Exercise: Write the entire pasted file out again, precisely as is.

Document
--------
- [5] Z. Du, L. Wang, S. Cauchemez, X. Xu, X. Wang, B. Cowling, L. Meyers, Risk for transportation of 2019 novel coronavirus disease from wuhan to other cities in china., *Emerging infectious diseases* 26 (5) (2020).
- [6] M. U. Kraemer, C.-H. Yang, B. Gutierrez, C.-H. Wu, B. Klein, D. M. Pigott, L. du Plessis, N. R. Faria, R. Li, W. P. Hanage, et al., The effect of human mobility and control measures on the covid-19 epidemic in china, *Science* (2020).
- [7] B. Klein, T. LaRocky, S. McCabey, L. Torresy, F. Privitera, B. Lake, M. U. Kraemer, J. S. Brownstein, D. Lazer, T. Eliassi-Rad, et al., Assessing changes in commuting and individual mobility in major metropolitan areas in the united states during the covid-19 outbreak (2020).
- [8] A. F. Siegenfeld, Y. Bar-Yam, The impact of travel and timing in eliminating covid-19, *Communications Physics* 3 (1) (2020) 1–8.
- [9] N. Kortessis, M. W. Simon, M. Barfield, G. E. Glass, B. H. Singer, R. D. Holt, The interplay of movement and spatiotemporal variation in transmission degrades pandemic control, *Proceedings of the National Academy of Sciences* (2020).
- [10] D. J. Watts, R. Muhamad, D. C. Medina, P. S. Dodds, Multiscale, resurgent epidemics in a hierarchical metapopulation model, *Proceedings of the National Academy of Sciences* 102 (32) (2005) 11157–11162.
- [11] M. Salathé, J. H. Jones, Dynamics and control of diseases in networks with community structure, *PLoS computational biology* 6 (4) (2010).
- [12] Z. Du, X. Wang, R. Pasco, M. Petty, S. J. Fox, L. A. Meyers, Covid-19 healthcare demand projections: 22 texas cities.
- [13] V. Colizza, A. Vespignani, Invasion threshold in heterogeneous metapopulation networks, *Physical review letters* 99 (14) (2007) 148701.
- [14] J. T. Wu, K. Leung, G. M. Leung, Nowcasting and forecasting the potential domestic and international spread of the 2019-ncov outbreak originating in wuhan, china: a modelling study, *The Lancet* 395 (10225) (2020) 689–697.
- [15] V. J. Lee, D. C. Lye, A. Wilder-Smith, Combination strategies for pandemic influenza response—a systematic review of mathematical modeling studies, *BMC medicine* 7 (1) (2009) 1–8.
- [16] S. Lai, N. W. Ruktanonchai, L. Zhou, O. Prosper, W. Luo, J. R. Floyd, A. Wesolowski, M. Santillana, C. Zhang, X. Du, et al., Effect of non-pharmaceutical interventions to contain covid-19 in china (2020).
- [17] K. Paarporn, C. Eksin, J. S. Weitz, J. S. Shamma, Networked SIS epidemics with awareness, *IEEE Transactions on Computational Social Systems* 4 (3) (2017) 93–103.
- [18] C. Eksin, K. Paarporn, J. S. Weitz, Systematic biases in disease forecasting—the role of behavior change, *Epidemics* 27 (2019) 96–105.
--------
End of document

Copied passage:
- [5] Z. Du, L. Wang, S. Cauchemez, X. Xu, X. Wang, B. Cowling, L. Meyers, Risk for transportation of 2019 novel coronavirus disease from wuhan to other cities in china., *Emerging infectious diseases* 26 (5) (2020).
- [6] M. U. Kraemer, C.-H. Yang, B. Gutierrez, C.-H. Wu, B. Klein, D. M. Pigott, L. du Plessis, N. R. Faria, R. Li, W. P. Hanage, et al., The effect of human mobility and control measures on the covid-19 epidemic in china, *Science* (2020).
- [7] B. Klein, T. LaRocky, S. McCabey, L. Torresy, F. Privitera, B. Lake, M. U. Kraemer, J. S. Brownstein, D. Lazer, T. Eliassi-Rad, et al., Assessing changes in commuting and individual mobility in major metropolitan areas in the united states during the covid-19 outbreak (2020).
- [8] A. F. Siegenfeld, Y. Bar-Yam, The impact of travel and timing in eliminating covid-19, *Communications Physics* 3 (1) (2020) 1–8.
- [9] N. Kortessis, M. W. Simon, M. Barfield, G. E. Glass, B. H. Singer, R. D. Holt, The interplay of movement and spatiotemporal variation in transmission degrades pandemic control, *Proceedings of the National Academy of Sciences* (2020).
- [10] D. J. Watts, R. Muhamad, D. C. Medina, P. S. Dodds, Multiscale, resurgent epidemics in a hierarchical metapopulation model, *Proceedings of the National Academy of Sciences* 102 (32) (2005) 11157–11162.
- [11] M. Salathé, J. H. Jones, Dynamics and control of diseases in networks with community structure, *PLoS computational biology* 6 (4) (2010).
- [12] Z. Du, X. Wang, R. Pasco, M. Petty, S. J. Fox, L. A. Meyers, Covid-19 healthcare demand projections: 22 texas cities.
- [13] V. Colizza, A. Vespignani, Invasion threshold in heterogeneous metapopulation networks, *Physical review letters* 99 (14) (2007) 148701.
- [14] J. T. Wu, K. Leung, G. M. Leung, Nowcasting and forecasting the potential domestic and international spread of the 2019-ncov outbreak originating in wuhan, china: a modelling study, *The Lancet* 395 (10225) (2020) 689–697.
- [15] V. J. Lee, D. C. Lye, A. Wilder-Smith, Combination strategies for pandemic influenza response—a systematic review of mathematical modeling studies, *BMC medicine* 7 (1) (2009) 1–8.
- [16] S. Lai, N. W. Ruktanonchai, L. Zhou, O. Prosper, W. Luo, J. R. Floyd, A. Wesolowski, M. Santillana, C. Zhang, X. Du, et al., Effect of non-pharmaceutical interventions to contain covid-19 in china (2020).
- [17] K. Paarporn, C. Eksin, J. S. Weitz, J. S. Shamma, Networked SIS epidemics with awareness, *IEEE Transactions on Computational Social Systems* 4 (3) (2017) 93–103.
- [18] C. Eksin, K. Paarporn, J. S. Weitz, Systematic biases in disease forecasting—the role of behavior change, *Epidemics* 27 (2019) 96–105.